Video Games Review: Just Sing (PS4, 2016)

Just Sing is the latest entry in the storied genre of video games that involves singing at your television and have it grade your abilities with cold, unfeeling science. Singstar dominated the genre (and sales charts) back in the PS2 era, but no karaoke game since has managed to crack the code the way Singstar did. Just Sing gives it a red hot go, however, bringing a few interesting new ideas to the table, but a sense that this was a game made on the cheap pervades the entire experience.

Just Sing actually has a significant karaoke pedigree behind it — it was created by the team behind Lips, the excellent Xbox 360 karaoke title from 2008.

While the game is fine with you breaking out your old Rock Band and Guitar Hero USB microphones to sing into, Just Sing assumes you probably threw them all away at some point and gives you another option — use your smartphone as a mic. Thankfully, as this is a party game, setting up your phone is fairly simple: you download a companion app and connect it to the same network the PS4 is on, the app handles the rest.

What this smartphone integration allows for is for your voice to be not only tracked, but recorded. Similarly, you can also record video of yourself singing via the front-facing camera should you wish to show off/torture yourself with video evidence of your prowess.

Here’s the thing about the video component, though: the whole game seems to be built around the assumption that you will use it. The first thing I did was turn the camera off because I don’t want to see myself singing into the bottom of my phone. This meant that the lyrics screen during songs is populated solely by the lyrics, an avatar and a few splashes of colour. Not much going on with this interface at all, though that isn’t necessarily a bad thing.

The other point Just Sing has in its favour is that there’s none of the paywall nonsense that has plagued its stablemate Just Dance. The game comes loaded with songs and you are free to sing them as much as you like. The bulk of the songs are covers, that should be made clear right away, but there’s a handful of master recordings involved and it is there that I assume Ubisoft spent most of their money. I don’t imagine Justin Beiber and One Direction master recordings come cheap.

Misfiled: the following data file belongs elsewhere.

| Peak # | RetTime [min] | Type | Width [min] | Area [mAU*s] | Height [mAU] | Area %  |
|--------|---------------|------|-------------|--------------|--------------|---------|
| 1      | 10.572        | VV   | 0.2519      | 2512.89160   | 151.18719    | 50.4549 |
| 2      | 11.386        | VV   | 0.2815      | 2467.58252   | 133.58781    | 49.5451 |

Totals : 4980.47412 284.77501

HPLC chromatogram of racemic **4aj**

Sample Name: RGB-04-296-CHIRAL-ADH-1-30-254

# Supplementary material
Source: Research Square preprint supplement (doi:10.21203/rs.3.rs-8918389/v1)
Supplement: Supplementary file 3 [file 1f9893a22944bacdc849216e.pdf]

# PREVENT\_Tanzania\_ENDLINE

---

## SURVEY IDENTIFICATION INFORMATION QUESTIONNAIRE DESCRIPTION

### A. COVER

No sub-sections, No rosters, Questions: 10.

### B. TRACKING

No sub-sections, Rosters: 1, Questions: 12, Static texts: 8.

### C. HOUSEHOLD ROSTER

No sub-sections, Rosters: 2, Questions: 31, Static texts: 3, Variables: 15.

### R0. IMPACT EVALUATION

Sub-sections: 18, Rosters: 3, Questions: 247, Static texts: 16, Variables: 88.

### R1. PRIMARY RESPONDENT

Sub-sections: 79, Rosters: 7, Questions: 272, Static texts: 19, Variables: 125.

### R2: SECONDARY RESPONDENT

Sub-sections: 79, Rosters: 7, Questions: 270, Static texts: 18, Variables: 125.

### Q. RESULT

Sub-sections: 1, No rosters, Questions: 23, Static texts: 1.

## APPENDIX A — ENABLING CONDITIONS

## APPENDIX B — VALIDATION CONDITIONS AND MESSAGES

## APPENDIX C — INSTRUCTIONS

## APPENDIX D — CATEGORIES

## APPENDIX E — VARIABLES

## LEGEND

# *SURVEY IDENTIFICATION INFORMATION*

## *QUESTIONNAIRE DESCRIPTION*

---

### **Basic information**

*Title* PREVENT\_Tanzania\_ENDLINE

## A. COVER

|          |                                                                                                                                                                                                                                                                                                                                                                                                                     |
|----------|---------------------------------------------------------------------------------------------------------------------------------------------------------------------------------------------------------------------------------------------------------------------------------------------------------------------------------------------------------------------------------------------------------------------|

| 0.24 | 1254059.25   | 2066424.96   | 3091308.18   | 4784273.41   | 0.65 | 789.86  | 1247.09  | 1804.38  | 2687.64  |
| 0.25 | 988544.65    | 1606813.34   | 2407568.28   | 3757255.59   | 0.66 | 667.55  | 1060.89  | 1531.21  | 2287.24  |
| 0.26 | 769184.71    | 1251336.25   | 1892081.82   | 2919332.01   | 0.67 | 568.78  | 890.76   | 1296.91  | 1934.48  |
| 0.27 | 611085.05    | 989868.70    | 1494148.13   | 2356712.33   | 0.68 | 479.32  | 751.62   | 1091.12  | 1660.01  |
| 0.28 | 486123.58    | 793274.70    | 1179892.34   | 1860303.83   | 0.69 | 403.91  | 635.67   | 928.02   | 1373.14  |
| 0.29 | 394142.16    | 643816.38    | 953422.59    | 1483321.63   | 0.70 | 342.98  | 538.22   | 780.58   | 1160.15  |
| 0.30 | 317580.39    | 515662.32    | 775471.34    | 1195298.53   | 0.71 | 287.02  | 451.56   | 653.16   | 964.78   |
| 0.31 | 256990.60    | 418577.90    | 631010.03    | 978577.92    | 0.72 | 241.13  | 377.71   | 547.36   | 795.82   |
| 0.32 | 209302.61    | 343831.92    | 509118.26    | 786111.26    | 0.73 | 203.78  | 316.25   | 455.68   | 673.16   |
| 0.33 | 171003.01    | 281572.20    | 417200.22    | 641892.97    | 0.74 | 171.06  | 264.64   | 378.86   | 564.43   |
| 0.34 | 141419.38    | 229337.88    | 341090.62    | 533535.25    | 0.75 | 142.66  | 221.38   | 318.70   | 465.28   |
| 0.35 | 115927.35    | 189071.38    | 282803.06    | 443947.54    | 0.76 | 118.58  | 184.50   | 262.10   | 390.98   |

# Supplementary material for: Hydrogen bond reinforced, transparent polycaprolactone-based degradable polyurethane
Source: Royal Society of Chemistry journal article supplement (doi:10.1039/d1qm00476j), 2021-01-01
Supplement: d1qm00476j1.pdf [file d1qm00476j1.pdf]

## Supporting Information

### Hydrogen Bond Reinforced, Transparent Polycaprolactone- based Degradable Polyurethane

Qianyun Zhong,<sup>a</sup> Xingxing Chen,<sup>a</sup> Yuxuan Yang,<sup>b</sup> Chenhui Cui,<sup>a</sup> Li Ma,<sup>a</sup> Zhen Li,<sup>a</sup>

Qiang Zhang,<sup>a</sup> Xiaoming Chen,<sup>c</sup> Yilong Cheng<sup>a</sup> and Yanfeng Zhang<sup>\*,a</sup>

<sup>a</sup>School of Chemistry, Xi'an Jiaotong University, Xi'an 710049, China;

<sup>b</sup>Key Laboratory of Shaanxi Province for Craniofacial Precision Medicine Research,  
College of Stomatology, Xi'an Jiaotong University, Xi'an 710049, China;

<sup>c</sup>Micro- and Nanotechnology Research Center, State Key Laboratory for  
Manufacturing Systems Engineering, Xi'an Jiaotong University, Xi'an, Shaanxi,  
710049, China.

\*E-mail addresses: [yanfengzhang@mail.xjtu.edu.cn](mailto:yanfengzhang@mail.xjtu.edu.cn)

As for the singing itself, like Just Dance, it doesn’t really care about how good of a singer you actually are, it cares that your having a good time. I ran a few experiments, deliberately throwing in bum notes here and there and the worst grade the game was prepared to give me was “OKAY,” which is good for the self esteem to say the least.

In total, Just Sing is a decent party title, but it doesn’t feel like there’s any fire in it. It can hit all the notes, but there’s no emotion or force behind them. The kids will probably get more out of it than the grown ups.

Score: 6.0 out of 10
Highlights: Uncluttered interface; Forgiving party scoring; Good songs; Phone approach is novel; Me, absolutely crushing Colours of the Wind
Lowlights: Would like you to video yourself singing; No oomph
Publisher: Ubisoft
Release Date: September 13, 2016
Platforms: PlayStation 4, Xbox One

Reviewed on PlayStation 4.


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David Smith

David Smith is the former games and technology editor at The AU Review. He has previously written for PC World Australia. You can find him on Twitter at @RhunWords.